How to Teach My Toddler to Read

All children learn at different rates. Even though most toddlers go through similar developmental stages, they may not go through these stages at the same time. Toddlers are not ready to read texts on their own, but you can do activities with your toddler so that he or she is ready for reading by age four or five.

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Getting Your Toddler Ready to Read

What Toddlers Can Do

Toddlers are sometimes able to identify the title of a book and may understand that phrases are read from left to right. Some toddlers know that words represent meaning and that the pictures in a picture book depict the meaning of words. This is not always the case, which is perfectly natural. Toddlers typically learn the most successfully at a pace that's comfortable and enjoyable.

What you present to your toddler will often be what's repeated back to you. For example, if you read rhyming books to your toddler, he or she will become familiar with them. Your child might not comprehend them fully, but will respond nonetheless.

Reading Aloud

Most toddlers enjoy stories and will gladly take an active part in the reading experience. Change your voice for various characters and scenes in a book to give your toddler a better idea of what's going on. Observe your child's responses and react accordingly. For example, if he or she is laughing, encourage this behavior by laughing along with your child.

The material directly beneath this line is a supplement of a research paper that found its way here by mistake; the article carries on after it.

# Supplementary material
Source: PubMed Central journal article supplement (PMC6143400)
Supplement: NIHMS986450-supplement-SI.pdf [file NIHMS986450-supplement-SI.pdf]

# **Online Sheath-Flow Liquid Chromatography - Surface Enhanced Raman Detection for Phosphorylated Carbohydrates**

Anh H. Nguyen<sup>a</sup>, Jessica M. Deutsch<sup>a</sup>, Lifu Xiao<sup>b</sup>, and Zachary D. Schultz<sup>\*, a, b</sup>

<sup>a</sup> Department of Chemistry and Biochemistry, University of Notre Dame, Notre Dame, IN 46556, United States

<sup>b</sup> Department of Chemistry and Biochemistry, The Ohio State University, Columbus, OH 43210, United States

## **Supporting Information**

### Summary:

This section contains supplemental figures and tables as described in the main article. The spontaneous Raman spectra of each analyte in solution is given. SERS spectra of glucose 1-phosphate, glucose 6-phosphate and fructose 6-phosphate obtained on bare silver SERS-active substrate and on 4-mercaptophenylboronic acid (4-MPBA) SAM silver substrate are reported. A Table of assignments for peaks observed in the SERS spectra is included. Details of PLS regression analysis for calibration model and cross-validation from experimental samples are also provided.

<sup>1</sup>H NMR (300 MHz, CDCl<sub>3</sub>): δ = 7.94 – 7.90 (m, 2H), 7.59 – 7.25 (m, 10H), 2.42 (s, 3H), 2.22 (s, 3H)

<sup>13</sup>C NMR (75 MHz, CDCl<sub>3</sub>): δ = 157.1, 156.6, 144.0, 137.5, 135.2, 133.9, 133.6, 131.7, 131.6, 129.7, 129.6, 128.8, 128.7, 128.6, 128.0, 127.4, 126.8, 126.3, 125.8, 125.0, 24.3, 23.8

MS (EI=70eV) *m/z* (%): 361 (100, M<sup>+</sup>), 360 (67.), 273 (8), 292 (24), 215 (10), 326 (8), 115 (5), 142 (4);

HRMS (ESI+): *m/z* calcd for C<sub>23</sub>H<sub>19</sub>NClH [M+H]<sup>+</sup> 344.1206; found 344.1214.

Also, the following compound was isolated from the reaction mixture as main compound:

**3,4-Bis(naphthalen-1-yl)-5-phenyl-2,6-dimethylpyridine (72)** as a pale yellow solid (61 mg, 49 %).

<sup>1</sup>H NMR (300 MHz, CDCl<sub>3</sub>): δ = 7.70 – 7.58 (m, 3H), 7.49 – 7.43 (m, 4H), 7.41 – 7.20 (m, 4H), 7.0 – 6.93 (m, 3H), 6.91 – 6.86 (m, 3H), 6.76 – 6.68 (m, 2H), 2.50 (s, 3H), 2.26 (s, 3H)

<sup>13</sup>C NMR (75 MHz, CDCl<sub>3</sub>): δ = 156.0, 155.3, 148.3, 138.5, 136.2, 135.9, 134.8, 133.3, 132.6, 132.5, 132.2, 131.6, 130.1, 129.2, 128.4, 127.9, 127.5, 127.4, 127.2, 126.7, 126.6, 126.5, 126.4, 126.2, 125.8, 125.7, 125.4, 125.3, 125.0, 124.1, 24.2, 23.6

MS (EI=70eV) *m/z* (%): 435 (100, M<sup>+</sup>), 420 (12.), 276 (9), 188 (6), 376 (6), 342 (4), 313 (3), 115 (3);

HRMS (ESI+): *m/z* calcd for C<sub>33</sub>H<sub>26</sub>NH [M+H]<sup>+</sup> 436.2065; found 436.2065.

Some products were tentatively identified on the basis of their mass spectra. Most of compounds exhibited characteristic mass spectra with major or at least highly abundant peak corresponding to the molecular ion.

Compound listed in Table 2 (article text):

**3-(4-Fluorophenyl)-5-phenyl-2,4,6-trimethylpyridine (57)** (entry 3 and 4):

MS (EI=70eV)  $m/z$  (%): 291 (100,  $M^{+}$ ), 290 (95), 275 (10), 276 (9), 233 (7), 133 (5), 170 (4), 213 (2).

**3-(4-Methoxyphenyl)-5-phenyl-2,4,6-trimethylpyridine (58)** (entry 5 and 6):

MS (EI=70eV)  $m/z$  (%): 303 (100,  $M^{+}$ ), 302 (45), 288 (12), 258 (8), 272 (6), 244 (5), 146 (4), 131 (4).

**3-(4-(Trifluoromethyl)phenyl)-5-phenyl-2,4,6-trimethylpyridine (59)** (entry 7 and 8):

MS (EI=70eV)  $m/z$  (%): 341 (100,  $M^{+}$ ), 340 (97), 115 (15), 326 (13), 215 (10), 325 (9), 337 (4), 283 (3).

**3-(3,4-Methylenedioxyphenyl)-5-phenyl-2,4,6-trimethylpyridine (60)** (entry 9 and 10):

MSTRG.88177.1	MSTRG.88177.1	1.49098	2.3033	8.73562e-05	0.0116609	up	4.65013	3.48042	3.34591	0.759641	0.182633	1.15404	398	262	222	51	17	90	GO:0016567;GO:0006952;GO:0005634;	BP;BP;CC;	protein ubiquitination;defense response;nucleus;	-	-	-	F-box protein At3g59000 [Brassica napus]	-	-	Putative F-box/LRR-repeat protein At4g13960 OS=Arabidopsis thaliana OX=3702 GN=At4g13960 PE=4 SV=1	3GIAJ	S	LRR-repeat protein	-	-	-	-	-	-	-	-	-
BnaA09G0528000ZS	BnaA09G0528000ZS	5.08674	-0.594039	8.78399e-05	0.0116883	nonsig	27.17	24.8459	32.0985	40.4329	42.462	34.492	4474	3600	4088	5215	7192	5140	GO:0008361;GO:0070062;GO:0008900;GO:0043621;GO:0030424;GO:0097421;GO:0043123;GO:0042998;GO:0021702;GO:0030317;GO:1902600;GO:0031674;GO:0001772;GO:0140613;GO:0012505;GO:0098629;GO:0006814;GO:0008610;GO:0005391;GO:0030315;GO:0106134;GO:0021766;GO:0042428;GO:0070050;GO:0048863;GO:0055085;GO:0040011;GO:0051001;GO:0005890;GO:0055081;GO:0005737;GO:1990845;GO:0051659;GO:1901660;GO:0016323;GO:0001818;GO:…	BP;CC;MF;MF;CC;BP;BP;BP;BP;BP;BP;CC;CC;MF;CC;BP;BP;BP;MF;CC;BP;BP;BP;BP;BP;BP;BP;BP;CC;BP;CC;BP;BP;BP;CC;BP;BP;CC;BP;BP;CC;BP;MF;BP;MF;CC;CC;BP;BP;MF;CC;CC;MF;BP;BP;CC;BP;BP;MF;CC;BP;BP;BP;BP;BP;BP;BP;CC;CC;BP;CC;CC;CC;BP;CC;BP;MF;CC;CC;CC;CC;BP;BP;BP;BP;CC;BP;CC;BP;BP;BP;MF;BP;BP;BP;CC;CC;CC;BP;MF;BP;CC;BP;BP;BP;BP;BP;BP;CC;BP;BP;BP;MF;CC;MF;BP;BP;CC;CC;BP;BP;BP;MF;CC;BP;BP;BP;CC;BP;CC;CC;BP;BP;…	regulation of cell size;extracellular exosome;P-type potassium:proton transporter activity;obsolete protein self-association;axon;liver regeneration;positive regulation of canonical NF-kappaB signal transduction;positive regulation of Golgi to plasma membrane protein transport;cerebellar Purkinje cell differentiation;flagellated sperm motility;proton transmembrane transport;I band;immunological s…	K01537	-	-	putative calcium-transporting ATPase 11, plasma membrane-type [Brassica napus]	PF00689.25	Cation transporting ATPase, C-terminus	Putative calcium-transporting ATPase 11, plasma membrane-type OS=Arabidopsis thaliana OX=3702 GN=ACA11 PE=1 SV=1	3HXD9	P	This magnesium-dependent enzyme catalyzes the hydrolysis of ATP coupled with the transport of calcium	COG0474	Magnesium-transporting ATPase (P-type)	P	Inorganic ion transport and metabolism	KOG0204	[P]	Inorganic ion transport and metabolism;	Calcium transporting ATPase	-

Toddlers tend to be very hands-on. Let your child touch and play with books. Because reading becomes a solo activity in later years, you may consider letting your toddler spend alone time with books.

Create a Reading Checklist

Write a list of reading goals for you and your toddler. Go over this list every day with the objective of checking off as many as possible. Make sure that the goals are both fun and attainable.

A solid first goal is: 'Did I read to my child for a minimum of ten minutes today?' Because kids often pretend to read aloud before they actually can, another might be 'Did I listen when my child tried to read to me?' If you think your child may not understand texts when you read them, consider, 'Did I point to pictures in a book and describe them to my child?' These are just a handful of examples to choose from, but you can create your own.

Teaching the Alphabet

Toddlers are often ready to learn the alphabet when they are approaching three years old. You can teach your toddler the alphabet by singing the ABC song and reciting the alphabet together. You can also give your toddler alphabet-based coloring pages and books.

Alphabet blocks are both a fun toy and effective learning tool. Stack them in the proper order and then mix them up. Then, help your toddler put them back in order. Give her or him plenty of time to play with the blocks alone.

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